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A womb with a view


Because there’s no better way to learn about a place than to go there, Google Expeditions is able to take pupils on journeys that would otherwise be impossible – from outer space to the inner workings of the human heart

For Lauren Van Den Kerkhof, a physics teacher at Bishop Barrington School in County Durham, taking her year 8 and year 10 pupils on a complete journey through pregnancy - from fertilisation through to birth - was an invaluable experience.  

‘You would expect some of the pupils to be a bit squeamish but they were all really intrigued,’ Lauren recalls. ‘It held their attention because you really get to feel like you’re inside the womb as you experience the baby’s development.

Image: Google/Vida Systems. The Expedition conveys a sense of scale at different stages of the baby's development

According to Lauren, the accompanying annotations that the teacher (or Guide) is able to access on the tablet during the Expedition also helped to convey the sense of scale. For example, as pupils immersed themselves in the journey through the second trimester, the baby is described as growing ‘from the length of a peapod to the size of a cauliflower.’

‘Pupils wanted to have their own time to explore this amazing environment’

The pupils worked in pairs on the Expedition, with one using the viewer while the other talked over what they had seen with the teacher. There are several conversation points suggested during the journey, covering why babies might get hiccups during the fifth month of pregnancy to what happens to the placenta after the baby is born.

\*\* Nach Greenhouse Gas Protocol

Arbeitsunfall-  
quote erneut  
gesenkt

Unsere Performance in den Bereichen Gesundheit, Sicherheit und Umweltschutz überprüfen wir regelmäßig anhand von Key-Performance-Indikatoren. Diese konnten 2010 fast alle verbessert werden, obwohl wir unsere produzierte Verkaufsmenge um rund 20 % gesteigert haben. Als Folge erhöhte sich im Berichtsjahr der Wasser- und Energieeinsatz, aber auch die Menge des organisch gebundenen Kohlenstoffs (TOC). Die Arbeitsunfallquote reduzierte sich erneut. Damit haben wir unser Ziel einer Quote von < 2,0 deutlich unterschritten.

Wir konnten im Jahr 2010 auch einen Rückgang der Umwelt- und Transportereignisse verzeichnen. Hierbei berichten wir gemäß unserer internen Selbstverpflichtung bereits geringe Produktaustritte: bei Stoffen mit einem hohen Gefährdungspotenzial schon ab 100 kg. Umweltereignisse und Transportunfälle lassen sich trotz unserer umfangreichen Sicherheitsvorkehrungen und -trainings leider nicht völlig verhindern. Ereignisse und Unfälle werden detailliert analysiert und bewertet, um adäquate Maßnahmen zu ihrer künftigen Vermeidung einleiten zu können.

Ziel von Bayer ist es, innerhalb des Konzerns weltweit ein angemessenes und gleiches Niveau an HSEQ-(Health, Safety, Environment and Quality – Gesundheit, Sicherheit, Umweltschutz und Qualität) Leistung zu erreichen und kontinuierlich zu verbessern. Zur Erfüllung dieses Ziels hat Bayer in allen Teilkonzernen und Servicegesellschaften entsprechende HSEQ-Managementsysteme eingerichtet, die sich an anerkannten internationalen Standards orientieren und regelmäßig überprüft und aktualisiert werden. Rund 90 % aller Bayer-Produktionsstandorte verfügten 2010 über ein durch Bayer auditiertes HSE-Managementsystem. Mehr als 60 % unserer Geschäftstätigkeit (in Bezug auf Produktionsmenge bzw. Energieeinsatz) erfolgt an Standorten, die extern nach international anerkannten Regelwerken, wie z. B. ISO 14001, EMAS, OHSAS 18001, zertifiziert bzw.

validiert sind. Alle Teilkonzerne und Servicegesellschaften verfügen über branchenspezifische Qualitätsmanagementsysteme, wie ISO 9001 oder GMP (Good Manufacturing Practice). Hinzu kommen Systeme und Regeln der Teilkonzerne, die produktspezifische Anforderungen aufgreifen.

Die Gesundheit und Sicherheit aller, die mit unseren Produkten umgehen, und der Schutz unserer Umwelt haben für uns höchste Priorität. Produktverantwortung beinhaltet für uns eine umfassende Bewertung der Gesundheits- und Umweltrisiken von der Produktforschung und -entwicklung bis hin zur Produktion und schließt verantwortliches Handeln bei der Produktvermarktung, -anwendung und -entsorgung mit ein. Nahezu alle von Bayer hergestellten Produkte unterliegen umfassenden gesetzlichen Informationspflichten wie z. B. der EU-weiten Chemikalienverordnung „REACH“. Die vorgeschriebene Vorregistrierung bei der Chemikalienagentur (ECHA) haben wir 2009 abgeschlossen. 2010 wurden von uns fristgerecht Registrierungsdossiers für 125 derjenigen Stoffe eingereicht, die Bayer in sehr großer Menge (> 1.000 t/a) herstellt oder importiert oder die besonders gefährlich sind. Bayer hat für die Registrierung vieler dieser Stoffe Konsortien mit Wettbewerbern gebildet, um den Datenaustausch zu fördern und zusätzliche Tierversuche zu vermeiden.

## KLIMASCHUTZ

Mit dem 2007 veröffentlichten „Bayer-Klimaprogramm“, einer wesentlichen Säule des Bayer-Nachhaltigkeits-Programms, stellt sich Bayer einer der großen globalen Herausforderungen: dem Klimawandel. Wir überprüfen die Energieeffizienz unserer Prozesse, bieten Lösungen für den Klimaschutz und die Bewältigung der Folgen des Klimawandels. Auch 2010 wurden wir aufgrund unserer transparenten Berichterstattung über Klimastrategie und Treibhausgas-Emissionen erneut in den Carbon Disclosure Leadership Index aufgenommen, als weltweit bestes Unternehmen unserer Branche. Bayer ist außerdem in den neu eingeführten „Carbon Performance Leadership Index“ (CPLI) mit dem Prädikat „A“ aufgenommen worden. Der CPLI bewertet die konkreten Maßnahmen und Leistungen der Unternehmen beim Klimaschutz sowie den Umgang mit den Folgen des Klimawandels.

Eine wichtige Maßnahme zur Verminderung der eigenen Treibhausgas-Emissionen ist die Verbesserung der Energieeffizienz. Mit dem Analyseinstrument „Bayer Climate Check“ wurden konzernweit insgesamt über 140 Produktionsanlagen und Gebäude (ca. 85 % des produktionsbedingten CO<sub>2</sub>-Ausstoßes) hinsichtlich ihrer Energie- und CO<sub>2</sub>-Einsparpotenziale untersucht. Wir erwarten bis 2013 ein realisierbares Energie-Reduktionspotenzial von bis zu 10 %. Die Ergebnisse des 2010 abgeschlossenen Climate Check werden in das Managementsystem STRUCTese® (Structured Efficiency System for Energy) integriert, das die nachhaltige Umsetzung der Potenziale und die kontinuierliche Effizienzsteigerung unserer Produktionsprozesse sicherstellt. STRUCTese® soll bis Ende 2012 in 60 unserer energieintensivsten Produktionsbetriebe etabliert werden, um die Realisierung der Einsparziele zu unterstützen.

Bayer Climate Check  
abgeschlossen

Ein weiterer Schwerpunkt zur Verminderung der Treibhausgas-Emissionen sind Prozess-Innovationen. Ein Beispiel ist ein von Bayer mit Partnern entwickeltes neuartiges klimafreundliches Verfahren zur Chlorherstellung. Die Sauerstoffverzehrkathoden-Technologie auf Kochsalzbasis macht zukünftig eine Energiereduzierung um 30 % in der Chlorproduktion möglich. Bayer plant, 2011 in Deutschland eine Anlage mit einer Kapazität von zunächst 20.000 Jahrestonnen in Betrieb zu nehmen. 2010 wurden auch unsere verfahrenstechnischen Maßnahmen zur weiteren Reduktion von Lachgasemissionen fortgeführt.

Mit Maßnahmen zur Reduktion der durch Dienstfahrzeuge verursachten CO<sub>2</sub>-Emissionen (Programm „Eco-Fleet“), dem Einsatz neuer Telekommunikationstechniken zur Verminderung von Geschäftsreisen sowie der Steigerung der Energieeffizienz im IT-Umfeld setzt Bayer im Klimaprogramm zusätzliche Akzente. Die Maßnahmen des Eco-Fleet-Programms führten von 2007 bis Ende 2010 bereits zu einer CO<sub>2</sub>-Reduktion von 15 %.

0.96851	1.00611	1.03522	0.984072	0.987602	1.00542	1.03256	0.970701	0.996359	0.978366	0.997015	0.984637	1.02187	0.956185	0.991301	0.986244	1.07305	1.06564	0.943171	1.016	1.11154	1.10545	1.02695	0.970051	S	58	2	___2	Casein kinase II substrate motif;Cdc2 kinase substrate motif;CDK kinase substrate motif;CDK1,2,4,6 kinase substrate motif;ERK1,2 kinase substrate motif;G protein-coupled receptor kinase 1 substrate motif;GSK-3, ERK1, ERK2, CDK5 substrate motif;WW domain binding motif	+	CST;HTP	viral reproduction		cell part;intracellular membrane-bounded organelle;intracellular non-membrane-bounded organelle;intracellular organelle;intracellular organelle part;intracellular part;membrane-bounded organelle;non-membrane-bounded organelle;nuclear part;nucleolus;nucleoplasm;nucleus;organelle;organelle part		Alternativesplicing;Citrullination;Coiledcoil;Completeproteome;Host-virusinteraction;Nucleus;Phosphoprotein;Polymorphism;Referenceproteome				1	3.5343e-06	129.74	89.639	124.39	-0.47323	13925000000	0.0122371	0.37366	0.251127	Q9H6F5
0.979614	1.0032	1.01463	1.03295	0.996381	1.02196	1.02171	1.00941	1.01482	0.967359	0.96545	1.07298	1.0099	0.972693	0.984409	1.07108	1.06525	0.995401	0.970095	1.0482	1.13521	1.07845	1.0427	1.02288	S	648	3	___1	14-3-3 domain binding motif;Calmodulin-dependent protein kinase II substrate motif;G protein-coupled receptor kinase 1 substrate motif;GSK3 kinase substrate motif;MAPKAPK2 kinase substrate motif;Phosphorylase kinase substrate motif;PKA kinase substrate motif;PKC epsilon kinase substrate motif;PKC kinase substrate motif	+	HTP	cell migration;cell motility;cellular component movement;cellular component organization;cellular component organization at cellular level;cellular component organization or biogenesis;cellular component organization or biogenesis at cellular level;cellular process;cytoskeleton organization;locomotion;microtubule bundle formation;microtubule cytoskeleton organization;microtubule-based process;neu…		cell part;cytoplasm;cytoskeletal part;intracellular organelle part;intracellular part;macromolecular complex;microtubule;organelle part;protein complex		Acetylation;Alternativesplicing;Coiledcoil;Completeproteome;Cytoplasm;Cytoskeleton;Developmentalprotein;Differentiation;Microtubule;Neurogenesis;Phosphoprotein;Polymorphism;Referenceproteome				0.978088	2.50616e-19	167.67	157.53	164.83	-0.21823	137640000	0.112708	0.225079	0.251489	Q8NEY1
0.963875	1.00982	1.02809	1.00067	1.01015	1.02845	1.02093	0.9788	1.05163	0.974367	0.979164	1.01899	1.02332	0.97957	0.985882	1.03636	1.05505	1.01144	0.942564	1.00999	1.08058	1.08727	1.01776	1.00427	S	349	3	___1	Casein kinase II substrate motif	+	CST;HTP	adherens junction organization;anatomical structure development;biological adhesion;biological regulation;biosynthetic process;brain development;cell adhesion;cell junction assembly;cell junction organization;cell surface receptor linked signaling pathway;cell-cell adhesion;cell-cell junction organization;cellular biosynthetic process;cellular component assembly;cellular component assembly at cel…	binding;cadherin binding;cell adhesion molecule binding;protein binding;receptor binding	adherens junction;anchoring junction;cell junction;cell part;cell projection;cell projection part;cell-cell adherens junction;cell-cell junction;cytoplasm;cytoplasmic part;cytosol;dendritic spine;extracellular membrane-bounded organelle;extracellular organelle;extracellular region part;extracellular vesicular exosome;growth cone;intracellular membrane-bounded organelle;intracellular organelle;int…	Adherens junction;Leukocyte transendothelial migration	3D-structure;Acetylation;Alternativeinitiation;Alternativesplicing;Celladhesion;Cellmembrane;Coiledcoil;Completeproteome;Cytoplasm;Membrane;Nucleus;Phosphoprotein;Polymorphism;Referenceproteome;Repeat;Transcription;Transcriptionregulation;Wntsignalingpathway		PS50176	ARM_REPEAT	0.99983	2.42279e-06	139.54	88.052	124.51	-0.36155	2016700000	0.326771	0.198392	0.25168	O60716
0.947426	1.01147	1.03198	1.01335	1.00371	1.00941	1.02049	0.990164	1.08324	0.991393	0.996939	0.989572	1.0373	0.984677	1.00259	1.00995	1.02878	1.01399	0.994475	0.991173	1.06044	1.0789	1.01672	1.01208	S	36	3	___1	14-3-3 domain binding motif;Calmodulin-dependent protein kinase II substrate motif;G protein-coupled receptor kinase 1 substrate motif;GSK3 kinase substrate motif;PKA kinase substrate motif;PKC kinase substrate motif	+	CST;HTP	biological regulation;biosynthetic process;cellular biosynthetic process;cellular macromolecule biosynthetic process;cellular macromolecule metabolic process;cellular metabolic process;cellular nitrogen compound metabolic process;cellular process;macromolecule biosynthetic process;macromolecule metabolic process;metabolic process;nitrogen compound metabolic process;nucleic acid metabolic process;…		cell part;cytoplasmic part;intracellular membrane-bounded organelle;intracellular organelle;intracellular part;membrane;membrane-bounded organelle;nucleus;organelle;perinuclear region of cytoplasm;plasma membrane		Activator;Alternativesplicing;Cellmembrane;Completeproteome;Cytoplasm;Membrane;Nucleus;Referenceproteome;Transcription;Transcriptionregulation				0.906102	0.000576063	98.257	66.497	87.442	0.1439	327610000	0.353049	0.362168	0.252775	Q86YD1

Image:Bishop Barrington School. Pupils worked in pairs on the Expedition

'While I talked for a while about the different stages as we went through the Expedition, I was aware that the pupils also wanted to have their own time to explore this amazing environment, so by working in these pairs we were able to strike the right balance while ensuring that everyone got to have a go,’ Lauren explains.

Image: Google/Vida Systems. The journey gave pupils a 'rounded picture' of what happens during pregnancy

‘On the curriculum, I don’t think you get enough of a chance to go into much detail about the trimesters,’ she says, telling us that going on the journey gave the pupils a much more rounded picture of what pregnancy involves.
‘We generally cover fertilisation, and when the baby is born, as well as factors that affect pregnancy, such as smoking, but nothing that takes you through all these different stages. The pregnancy Expedition increases their depth of knowledge - to see physically the size of the foetus from within gives pupils a better understanding of what external factors might affect them.’